It was his grandfather, a photographer, who first planted a seed of influence in Keiichi Tahara. It was catching sight of sunlight streaming into an attic in Paris, where he was working as the lighting and visual technician for a theater company, that inspired him to follow his grandfather’s path and take up photography in earnest. Since that early experience in Paris, Tahara has pursued light. He regards it not merely as a source of illumination but as his main subject, so fitting for a medium itself based on light. His decades of photographing light in its myriad forms have now been distilled into an exquisite book that the artist has produced in collaboration with noted publishing house amanasalto, titled IN-BETWEEN (2014).
Between the handsomely crafted covers of IN-BETWEEN rest 18 of the artist’s meditations on light, often captured, as the title implies, in between various spaces, objects, and formations. Among the most direct of these black-and-white photographs is a shot of a naked light bulb, suspended from the ceiling and burning brightly in the corner of a room. Light glints off of the surface of water in another photograph, filling the picture frame with its white brightness. It spotlights two hands raised in prayer or supplication in a third print, suggestive of divine presence, or, for the more earthbound, of Tahara’s work in the theater, spotlighting the expressive movements of actors onstage.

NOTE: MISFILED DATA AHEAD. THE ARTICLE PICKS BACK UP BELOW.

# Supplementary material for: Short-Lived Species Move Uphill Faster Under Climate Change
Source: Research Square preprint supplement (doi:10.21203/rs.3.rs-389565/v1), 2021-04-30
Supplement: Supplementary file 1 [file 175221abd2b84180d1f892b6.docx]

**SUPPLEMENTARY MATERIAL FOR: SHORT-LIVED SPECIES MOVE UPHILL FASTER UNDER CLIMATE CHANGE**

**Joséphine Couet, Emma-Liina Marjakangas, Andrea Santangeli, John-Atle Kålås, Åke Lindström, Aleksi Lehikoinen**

Since where there is light there is often its opposite, there is no shortage of shadows in these luminescent photographs. In one, the artist captures the shadows traced onto a wooden floor by a pair of open glass doors and their filigreed upper frame. Between these lovely patterns two beams of sunlight cross each other, forming an exuberant “X.” Perhaps this is what Tahara saw that day in the attic, when the sunlight pierced a dark space, and set the course of his career.